Late 2021 concept showed intention to build an electric LFA successor – now Lexus chief acknowledges “fun to drive” cars are a priority
But the high-performance F brand will be reignited in fully-electric guise as Lexus doubles down on its goal to sell only battery EVs from 2035.
“Making a car which is fun to drive is very important [when developing a battery EV],” Lexus International president Takashi Watanabe told Chasing Cars and Australian media this week.
“As we build a diverse range of electrified products, and as the penetration of such models increases, there should be more diversified needs and demands for Lexus electrified models.
“When that happens, if part of that diversity is [customer demand for] F, then yes, we would definitely look into doing an F-electrified,” he said.
Watanabe revealed to Chasing Cars and Australian media that Lexus will reveal details of an EV sedan model in October 2023.
That electric sedan will make use of a new-generation Toyota EV platform that supports a performance battery pack. A sporty version of this four-door could feasibly renew the IS F badge.
Like Toyota, Lexus will adopt new production techniques that are designed to slash car-building times while increasing strength and quality – while chasing down Tesla’s efficiency advantages.
A clear target for a fast version of the incoming Lexus EV sedan will be the Tesla Model 3 Performance, which dominates global sales of quick saloons.
Tightening emissions regulations around the world have seen Lexus begin to abandon its traditionally large engines – and with their demise, high-performance F models have departed too.
The first-ever Lexus model, the LS400 of 1989, had a V8 engine, and an eight-cylinder has been a hallmark of top-end Lexus models orientated toward luxury and performance alike.
But that car isn’t an F car – a letter set aside for the highest-performance and track-ready Lexus models, including the IS F sedan (2007-2014), GS F sedan (2015-2020), and the RC F coupe that is clinging to life in some markets.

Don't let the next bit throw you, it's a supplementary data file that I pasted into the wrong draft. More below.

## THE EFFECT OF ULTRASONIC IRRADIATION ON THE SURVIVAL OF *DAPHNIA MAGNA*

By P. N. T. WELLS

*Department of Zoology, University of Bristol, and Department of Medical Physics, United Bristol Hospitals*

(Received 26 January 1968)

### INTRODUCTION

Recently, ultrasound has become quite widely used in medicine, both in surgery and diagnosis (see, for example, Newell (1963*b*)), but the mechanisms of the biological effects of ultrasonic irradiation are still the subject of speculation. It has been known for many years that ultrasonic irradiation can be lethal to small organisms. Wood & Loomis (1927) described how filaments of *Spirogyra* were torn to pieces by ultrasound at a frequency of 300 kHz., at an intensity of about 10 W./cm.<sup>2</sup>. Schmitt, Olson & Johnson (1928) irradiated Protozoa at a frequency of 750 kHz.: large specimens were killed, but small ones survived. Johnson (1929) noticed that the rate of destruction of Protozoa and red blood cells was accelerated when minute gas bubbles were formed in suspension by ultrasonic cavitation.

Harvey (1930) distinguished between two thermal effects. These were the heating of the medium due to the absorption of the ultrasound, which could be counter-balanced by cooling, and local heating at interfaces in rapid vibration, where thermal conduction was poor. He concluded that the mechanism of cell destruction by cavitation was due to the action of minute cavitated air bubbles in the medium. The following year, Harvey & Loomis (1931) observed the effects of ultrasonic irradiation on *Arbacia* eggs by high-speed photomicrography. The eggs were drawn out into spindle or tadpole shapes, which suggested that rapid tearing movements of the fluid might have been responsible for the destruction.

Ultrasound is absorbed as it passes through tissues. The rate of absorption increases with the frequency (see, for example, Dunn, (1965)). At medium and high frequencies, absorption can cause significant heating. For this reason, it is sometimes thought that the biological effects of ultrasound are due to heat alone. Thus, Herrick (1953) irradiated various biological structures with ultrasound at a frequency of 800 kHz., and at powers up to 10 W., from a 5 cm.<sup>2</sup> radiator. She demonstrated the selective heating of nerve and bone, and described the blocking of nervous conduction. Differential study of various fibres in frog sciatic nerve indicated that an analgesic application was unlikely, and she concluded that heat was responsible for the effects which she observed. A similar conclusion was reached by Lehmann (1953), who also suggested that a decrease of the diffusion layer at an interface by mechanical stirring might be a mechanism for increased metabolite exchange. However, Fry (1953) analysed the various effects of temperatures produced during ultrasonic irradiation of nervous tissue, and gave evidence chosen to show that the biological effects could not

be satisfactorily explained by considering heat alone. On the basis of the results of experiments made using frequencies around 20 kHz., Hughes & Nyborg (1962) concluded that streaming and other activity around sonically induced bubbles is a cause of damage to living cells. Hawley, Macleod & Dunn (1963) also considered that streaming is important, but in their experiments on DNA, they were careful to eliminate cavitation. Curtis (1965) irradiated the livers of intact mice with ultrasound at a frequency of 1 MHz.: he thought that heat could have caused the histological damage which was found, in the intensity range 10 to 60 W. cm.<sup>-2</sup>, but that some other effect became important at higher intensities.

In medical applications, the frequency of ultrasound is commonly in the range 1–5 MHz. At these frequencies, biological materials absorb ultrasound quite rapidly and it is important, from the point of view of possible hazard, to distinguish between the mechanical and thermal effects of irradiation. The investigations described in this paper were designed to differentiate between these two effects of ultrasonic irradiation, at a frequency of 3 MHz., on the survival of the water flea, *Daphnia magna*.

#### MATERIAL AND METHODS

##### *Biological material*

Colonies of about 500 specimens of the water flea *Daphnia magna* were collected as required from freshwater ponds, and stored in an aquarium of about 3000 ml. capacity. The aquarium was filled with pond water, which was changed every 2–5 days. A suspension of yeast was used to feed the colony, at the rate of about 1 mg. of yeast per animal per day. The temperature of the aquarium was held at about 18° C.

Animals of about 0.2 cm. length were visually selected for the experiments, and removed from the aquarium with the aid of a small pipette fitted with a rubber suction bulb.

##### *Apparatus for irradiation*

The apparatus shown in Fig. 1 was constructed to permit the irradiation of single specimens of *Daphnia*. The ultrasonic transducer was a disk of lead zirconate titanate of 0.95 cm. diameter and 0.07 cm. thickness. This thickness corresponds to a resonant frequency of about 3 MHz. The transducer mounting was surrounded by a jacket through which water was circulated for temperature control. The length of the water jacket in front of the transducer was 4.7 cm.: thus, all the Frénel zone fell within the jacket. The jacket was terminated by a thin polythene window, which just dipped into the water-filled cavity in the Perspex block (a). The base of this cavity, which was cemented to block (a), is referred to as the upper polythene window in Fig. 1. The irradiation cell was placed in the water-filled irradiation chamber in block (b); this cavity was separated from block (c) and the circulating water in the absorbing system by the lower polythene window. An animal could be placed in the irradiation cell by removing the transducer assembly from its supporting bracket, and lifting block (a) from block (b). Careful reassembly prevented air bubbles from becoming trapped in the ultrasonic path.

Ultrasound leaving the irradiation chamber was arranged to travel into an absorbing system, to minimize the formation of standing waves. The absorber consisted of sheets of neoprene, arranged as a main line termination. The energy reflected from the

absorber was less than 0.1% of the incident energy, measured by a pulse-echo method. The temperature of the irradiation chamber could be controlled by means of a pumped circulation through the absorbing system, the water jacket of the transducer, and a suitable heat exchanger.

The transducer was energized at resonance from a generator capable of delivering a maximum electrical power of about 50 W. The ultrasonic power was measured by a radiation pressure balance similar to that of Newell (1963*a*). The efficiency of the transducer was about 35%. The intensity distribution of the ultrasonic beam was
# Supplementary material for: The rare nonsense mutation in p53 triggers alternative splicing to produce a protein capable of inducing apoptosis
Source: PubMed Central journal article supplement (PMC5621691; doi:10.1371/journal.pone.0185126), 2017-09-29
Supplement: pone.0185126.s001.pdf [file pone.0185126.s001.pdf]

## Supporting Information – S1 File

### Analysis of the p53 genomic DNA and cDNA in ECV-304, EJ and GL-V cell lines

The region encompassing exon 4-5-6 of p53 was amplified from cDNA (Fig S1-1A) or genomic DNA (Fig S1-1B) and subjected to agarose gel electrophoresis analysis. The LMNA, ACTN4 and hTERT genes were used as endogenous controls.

Such a list wouldn’t be complete without mentioning the Lexus LFA, a 4.8-litre V10-powered supercar – a halo model of which just 500 were produced between 2010 and 2012
In late 2021, Lexus unveiled its vision to replace models like the RC F and LFA in fully-electric form.
Pictured here, the Electrified Sport Concept was labelled at the time by the brand as symbolising “the future of Lexus”.
Lexus said that the slinky, two-door design study is “a vision of the spiritual successor to the iconic LFA supercar”.
Target specifications for the Electrified Sport Concept include a 0-100km/h time in the “low two-second range” and a cruising range of 690km, backed up by a solid-state battery.
Since the Electrified Sport Concept was revealed, Toyota and Lexus have taken strides to implementing the technological basis for such vehicles.
The group plans to introduce a production solid-state battery in 2027 or 2028 with more than 1000km of driving range (WLTP) and 10-minute charge times.
But even if that target is missed, Toyota has earmarked the release of a ‘performance’ liquid lithium-ion battery with today’s technology in 2026, promising more than 800 kilometres of range with a recharging time of 20 minutes.
Such performance probably indicates that Lexus will have access to an 800-volt performance electric vehicle platform that could support an F-branded sports car even without the leap to solid-state batteries.
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